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Why Desert Subterranean Termite Infestations Are Usually More Extensive And More Likely To Result In Structural Failure Than Infestations Established By Other Termite Pests

There are three types of termites in the world, and a variety of species belonging to each type can be found in Arizona. These termite groups are known as subterranean, drywood and dampwood termites, and while dampwood termites occasionally infest decayed and excessively moist finished woods, they very rarely inflict costly damage to structural lumber in Arizona homes. However, subterranean and drywood termite pests establish infestations within the structural wood components of Arizona homes frequently and all year round in Phoenix, Tucson, Yuma and other urban and suburban centers located in the Sonoran Desert. Of the 30 termite species inhabiting the US, a whopping 17 are known to inflict structural damage to homes and buildings in Arizona. Surprisingly, only three of these pest species are responsible for the majority of annual termite damage reported in the state. These termite pest species include Heterotermes aureus, Reticulitermes tibialis, and Incisitermes minor, and they are commonly known as desert subterranean, arid-land subterranean, and western drywood termites, respectively.

Just as their name suggests, subterranean termites live in colonies located in moist soil beneath the ground, and mature subterranean termite colonies can grow to contain between 50,000 and two million individuals, the vast majority of which are workers. Workers carry out a variety of duties including nest construction, foraging, feeding their nestmates, and establishing satellite colonies. Drywood termites, on the other hand, live in colonies located within above ground wood sources, and these colonies are much smaller, as they grow to contain only a few thousand individuals at maturity. Subterranean termite infestations are usually far more destructive than drywood termite infestations due to the much larger size of their colonies. Also, large subterranean termite colonies are composed of several interconnected nesting sites that can span areas larger than a football field. Desert subterranean termite infestations see workers excavate many long tunnels through multiple lumber boards, and the damage they inflict is unique for its shredded appearance. In most desert subterranean termite infestation cases, substructural wood components, subflooring, beams and joists are often the first to sustain damage by foraging workers. This species is notable for being the only subterranean termite pest species in the US that is capable of initiating infestations in structural wood components located far away from the ground surface. Other subterranean termite pest species establish infestations that rarely see workers advance beyond the first floor of structures.

Have you ever lived in a home that had an active termite infestation?

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Which Structural Woods Do Termites Prefer To Infest Within Homes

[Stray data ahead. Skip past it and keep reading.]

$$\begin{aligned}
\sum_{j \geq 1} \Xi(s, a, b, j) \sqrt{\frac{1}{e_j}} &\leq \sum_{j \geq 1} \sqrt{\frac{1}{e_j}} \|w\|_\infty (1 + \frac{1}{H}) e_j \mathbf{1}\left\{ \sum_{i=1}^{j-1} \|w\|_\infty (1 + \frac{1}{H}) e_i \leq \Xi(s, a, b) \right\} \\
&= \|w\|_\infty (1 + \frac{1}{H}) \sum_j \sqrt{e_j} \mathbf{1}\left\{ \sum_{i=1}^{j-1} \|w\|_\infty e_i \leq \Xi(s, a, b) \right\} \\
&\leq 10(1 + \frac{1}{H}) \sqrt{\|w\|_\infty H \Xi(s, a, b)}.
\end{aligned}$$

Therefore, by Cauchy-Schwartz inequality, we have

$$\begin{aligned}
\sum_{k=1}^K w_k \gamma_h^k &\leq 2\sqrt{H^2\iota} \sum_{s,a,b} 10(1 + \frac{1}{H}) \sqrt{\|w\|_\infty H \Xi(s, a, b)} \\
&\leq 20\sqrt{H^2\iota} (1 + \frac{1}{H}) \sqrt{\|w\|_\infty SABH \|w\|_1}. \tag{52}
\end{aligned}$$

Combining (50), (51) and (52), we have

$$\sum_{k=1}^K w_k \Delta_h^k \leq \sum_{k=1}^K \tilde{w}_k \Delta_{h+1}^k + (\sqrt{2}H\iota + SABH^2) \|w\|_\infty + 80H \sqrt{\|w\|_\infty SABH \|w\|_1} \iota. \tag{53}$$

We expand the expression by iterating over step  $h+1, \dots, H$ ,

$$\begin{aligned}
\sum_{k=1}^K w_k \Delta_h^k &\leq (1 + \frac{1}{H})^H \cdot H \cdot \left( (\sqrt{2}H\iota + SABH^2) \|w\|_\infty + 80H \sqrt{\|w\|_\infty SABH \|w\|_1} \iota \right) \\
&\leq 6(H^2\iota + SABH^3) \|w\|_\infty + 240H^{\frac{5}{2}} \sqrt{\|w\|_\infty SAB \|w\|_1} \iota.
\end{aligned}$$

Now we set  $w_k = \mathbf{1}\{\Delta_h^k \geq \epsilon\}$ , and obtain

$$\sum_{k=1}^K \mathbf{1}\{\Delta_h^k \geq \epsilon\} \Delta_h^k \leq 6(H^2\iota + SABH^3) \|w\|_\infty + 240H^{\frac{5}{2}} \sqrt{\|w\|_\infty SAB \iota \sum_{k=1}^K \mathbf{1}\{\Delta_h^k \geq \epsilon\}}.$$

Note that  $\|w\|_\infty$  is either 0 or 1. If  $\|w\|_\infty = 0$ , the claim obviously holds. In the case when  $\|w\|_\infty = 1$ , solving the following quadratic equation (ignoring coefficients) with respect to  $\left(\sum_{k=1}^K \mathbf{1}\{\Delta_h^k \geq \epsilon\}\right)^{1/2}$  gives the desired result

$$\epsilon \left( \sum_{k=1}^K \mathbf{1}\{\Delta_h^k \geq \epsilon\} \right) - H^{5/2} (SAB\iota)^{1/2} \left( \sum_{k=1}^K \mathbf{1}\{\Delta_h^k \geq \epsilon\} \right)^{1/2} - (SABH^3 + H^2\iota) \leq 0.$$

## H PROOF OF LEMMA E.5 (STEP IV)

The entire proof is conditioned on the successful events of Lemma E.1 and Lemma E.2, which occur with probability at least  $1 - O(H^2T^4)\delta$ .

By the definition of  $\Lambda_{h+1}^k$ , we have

Which Structural Woods Do Termites Prefer To Infest Within Homes, And How Do Subterranean And Drywood Termites Know Which Wood Sources Provide Optimal Nourishment?

Several damaging species of subterranean, drywood and dampwood termites infest homes and buildings all year round in Arizona. Species from both the dampwood and drywood termite groups live in colonies that are contained entirely within single above-ground wood items. Generally, drywood termites establish infestations within sources of sound and dry wood, and this is especially the case when it comes to the western drywood termite, which is the most destructive drywood termite pest species in the country.

Unlike drywood termites, dampwood termites establish infestations exclusively within decayed wood items that have become heavily saturated with moisture. Due to their preference for feeding on rotting and waterlogged wood sources, dampwood termites are not found infesting structural wood within homes as often as they are found infesting open-air wood sources that have already sustained damage from rainwater. Dampwood termites frequently infest wood fences, utility poles, patio-wood, and occasionally, infestations are found in hardwood flooring located above consistently damp crawl space environments.

Subterranean termites dwell beneath the ground where mature colonies can contain anywhere between 50,000 and two million individual termites, making them much larger than the drywood and dampwood termite colonies found within single pieces of wood. Subterranean termite workers generally infest relatively moist substructural wood components that are located in close proximity to their ground-soil habitat. Workers digest moist and rotting wood more rapidly than sound dry wood, but unlike dampwood termites, subterranean termites do not rely solely on moist wood for their water needs, as workers can return to the moist soil in order to hydrate as needed.

Since pest species from all three termite groups feed within interior wood cavities where they remain hidden from view, infested wood usually appears undamaged. However, termite damaged wood will produce a hollow sound when tapped, and the surface of heavily infested wood will collapse in response to exterior pressure. Drywood termite nymphs possess particularly strong and durable jaws that allow them to chew into dense and hard summerwood portions of lumber as well as softer springwood portions. Subterranean termite workers, on the other hand, cannot readily chew into summerwood, and they also have a difficult time digesting hard wood particles. Subterranean termites are usually found infesting sill plates, beams, joists and other moist substructural lumber components near the ground-soil, but drywood termite infestations can be found anywhere on a home’s interior timber-frame or exterior wood paneling. Drywood termite alates frequently initiate new colonies within attics, behind wood siding, and below roof shingles. Unlike subterranean termites, drywood termite infestations are also commonly found in wood furniture.